Home Interior Design One of the earliest inventors of photography had an ingenious trick to keep his images from developing too much, researchers say

One of the earliest inventors of photography had an ingenious trick to keep his images from developing too much, researchers say

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A photography pioneer may have used urine to create his historic images.

This was one of the revelations that a group of conservation experts from Brazil, Portugal and the United States took home as they re-examined a series of what are believed to be among the oldest surviving photographic artifacts from the Americas, all created by the 19th century. artist, adventurer and inventor Hercule Florence.

A man of Franco-Italian-Monegasque origin living in Brazil, Florence was one of the first to permanently fix images on paper using chemicals. His innovations in this area predated those of Louis Daguerre and Henry Fox Talbot, two scientists widely credited with developing photographic technology, but came after the groundbreaking innovations of Nicéphore Niépce.

Unlike these two scientists, who were internationally acclaimed in their time, Florence remained relatively unknown for her work. Fortunately, his accomplishments are even brighter now.

Working from the HERCULES laboratory at the University of Évora in Portugal, the researchers recently applied a number of analytical techniques to three surviving graphic prints made by Florence: a decorative border for a Masonic diploma and two design patterns designed for pharmacy labels. The three objects are nearly two centuries old.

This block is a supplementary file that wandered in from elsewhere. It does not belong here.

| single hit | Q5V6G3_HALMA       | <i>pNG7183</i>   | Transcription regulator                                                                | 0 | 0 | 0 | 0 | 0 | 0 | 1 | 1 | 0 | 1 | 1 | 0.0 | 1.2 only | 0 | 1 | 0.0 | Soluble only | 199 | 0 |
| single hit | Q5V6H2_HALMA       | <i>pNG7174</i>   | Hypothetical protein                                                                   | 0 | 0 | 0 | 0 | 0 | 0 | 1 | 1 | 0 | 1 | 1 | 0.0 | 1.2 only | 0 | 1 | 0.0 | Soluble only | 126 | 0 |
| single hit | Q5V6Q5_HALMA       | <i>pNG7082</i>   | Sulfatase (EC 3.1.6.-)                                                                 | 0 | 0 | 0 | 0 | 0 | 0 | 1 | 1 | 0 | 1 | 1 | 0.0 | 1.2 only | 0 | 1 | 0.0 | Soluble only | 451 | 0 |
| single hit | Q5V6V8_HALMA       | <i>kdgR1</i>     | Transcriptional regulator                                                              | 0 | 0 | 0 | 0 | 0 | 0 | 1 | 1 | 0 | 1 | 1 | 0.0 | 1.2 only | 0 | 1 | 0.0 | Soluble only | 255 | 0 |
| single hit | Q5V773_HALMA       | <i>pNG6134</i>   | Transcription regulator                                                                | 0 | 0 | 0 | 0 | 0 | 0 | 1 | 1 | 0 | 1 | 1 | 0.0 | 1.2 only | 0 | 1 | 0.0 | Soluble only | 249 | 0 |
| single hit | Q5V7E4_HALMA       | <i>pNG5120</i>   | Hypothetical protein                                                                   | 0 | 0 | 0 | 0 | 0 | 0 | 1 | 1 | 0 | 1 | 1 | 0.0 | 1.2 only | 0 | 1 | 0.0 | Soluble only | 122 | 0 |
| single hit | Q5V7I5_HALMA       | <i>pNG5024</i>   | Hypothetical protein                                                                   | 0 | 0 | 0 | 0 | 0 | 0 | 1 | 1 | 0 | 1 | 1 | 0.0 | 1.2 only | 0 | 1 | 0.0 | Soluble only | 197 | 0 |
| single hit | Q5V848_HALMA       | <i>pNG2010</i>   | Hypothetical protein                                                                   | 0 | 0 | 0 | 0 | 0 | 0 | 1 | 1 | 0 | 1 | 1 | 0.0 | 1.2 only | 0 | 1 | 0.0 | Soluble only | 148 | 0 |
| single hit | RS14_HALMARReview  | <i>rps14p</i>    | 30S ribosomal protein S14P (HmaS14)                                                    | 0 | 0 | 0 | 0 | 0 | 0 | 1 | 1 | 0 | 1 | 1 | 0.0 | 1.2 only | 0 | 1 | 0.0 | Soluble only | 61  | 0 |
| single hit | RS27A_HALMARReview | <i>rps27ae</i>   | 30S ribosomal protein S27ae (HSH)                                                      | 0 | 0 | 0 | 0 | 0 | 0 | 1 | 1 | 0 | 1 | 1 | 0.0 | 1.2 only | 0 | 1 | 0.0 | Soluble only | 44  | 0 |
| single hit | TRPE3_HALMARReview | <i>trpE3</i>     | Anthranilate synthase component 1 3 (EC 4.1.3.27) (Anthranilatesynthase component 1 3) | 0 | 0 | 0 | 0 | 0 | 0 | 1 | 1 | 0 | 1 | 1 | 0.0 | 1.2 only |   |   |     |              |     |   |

Photomicrography revealed that the paper Florence used to create the images was similar to that found in her previous experiments. X-ray fluorescence, meanwhile, showed that silver nitrate or silver chloride was used for the diploma design and gold chloride was used for the pharmacy labels. These materials proved crucial in the inventor’s quest to not only capture light, but to permanently record it.

Early studies by Thomas Wedgwood and others probably led Florence to use papers coated with light-sensitive chemicals. Above these he placed pieces of blackened glass with patterns engraved on them.

This process created a positive image, but he still needed a way to prevent the image from continuing to darken when exposed to light. For this solution, he experimented with unconventional materials.

Using a technique called ATR-FTIR spectroscopy, the researchers identified a higher amount of protein in the pharmacy labels, a finding that suggests the presence of urine. In other words, to prevent her images from developing, Florence peed on them.

For conservation experts, the find is testament to the ingenuity of the 19th-century scientist, who worked without the resources of his European contemporaries.

“What Hercule Florence accomplished is really a prehistory of photography”, says Art Kaplan, associate scientist at the Getty Conservation Institute in Los Angeles, who co-led the research effort with António Candeias of the HERCULES laboratory. “He was one step ahead, employing certain elements commonly used in the photographic process.”

The analyzed photographs, Kaplan added, “would be the only survivors of this period”.

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